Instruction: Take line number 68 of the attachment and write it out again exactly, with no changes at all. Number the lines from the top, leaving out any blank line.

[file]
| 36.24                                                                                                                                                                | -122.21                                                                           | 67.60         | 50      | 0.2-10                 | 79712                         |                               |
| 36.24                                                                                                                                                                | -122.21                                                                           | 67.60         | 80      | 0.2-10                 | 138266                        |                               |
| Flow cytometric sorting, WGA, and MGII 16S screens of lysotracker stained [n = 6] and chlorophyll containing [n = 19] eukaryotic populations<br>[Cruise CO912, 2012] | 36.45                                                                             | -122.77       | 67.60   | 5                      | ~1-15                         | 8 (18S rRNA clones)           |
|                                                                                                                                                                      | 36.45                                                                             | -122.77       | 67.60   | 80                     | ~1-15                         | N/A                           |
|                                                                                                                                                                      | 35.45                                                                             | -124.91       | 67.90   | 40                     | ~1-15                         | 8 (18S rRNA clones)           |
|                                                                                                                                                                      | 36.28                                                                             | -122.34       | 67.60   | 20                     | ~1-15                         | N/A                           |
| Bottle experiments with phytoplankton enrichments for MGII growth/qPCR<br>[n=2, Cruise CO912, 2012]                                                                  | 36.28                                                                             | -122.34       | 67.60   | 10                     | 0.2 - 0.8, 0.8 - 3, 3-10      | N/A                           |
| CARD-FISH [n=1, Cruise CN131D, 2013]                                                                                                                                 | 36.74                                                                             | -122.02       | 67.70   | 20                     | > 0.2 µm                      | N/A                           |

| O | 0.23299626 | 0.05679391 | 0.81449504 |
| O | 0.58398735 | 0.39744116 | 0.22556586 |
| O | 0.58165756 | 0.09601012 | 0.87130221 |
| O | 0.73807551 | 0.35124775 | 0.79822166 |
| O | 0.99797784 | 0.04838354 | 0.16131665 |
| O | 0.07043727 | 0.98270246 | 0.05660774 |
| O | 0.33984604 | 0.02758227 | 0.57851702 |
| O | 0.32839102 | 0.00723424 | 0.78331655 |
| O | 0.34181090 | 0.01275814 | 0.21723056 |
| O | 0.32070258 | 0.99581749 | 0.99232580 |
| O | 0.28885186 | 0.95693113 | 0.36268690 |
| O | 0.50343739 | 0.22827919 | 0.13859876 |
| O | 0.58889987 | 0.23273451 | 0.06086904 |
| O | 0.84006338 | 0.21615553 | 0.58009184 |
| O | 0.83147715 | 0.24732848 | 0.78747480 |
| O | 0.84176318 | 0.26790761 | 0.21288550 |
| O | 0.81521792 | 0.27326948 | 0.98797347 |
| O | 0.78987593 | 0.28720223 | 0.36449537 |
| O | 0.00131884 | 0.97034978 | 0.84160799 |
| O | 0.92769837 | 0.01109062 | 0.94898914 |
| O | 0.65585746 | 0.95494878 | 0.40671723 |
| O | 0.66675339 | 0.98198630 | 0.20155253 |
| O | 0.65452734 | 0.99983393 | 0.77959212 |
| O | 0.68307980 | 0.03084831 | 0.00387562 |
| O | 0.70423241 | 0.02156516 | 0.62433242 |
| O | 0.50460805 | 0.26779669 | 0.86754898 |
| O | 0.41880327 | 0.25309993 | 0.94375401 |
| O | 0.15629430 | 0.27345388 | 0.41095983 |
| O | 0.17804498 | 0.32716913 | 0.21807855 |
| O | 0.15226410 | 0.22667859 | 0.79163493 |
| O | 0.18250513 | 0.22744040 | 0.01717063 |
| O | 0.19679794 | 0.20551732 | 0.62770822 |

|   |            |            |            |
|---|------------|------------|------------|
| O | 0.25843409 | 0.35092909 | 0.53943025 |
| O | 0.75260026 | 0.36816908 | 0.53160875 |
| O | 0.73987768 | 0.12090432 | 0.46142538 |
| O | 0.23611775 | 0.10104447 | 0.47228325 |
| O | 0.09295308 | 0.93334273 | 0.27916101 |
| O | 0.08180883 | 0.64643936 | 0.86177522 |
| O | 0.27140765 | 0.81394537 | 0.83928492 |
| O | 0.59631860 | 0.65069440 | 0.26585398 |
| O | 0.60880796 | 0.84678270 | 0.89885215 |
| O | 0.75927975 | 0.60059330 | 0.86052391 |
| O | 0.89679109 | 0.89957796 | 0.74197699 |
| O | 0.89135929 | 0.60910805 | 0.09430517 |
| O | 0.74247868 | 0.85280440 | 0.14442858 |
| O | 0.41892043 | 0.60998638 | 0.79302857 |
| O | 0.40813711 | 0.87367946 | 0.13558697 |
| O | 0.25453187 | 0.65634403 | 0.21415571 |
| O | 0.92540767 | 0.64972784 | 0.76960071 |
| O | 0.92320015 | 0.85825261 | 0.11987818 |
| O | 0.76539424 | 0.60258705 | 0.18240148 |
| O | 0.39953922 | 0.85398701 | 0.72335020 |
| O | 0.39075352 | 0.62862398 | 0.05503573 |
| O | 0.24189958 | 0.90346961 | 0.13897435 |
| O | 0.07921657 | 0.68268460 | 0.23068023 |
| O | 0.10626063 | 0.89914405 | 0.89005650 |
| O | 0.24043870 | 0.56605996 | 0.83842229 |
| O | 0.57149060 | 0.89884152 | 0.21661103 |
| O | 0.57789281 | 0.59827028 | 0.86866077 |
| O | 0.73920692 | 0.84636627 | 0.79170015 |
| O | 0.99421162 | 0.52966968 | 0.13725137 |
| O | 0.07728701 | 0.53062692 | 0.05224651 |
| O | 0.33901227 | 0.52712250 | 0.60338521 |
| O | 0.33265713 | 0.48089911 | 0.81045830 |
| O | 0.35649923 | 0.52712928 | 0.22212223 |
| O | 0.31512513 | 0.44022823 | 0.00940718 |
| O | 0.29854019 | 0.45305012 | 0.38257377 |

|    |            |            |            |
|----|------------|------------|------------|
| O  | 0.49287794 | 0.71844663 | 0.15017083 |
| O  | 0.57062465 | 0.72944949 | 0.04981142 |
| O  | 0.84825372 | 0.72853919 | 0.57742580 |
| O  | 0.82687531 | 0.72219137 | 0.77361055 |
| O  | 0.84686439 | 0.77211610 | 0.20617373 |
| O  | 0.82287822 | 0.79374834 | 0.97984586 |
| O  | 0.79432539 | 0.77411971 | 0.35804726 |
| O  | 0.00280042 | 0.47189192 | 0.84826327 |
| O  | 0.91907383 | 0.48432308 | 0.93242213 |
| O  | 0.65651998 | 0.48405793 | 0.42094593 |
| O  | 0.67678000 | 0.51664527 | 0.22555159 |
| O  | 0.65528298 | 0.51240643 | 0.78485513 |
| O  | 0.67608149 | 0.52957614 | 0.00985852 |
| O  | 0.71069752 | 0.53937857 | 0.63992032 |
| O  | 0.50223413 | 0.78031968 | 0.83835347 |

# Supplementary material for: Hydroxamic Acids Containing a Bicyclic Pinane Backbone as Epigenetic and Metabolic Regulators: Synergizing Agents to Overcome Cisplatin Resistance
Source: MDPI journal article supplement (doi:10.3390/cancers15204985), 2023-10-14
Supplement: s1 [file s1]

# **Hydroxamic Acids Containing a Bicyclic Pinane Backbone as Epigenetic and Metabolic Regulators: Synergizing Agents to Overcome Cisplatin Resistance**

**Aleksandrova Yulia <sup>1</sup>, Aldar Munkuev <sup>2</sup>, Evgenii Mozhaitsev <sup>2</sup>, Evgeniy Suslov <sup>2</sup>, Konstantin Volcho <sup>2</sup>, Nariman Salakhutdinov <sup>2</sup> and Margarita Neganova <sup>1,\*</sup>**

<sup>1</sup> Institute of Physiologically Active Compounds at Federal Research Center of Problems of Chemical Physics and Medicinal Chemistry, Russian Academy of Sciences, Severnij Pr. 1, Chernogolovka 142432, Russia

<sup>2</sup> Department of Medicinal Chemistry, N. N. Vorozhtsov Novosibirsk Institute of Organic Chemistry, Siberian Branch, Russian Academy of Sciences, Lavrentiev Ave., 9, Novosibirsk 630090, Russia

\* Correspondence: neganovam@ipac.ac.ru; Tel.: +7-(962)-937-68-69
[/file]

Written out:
| O | 0.57149060 | 0.89884152 | 0.21661103 |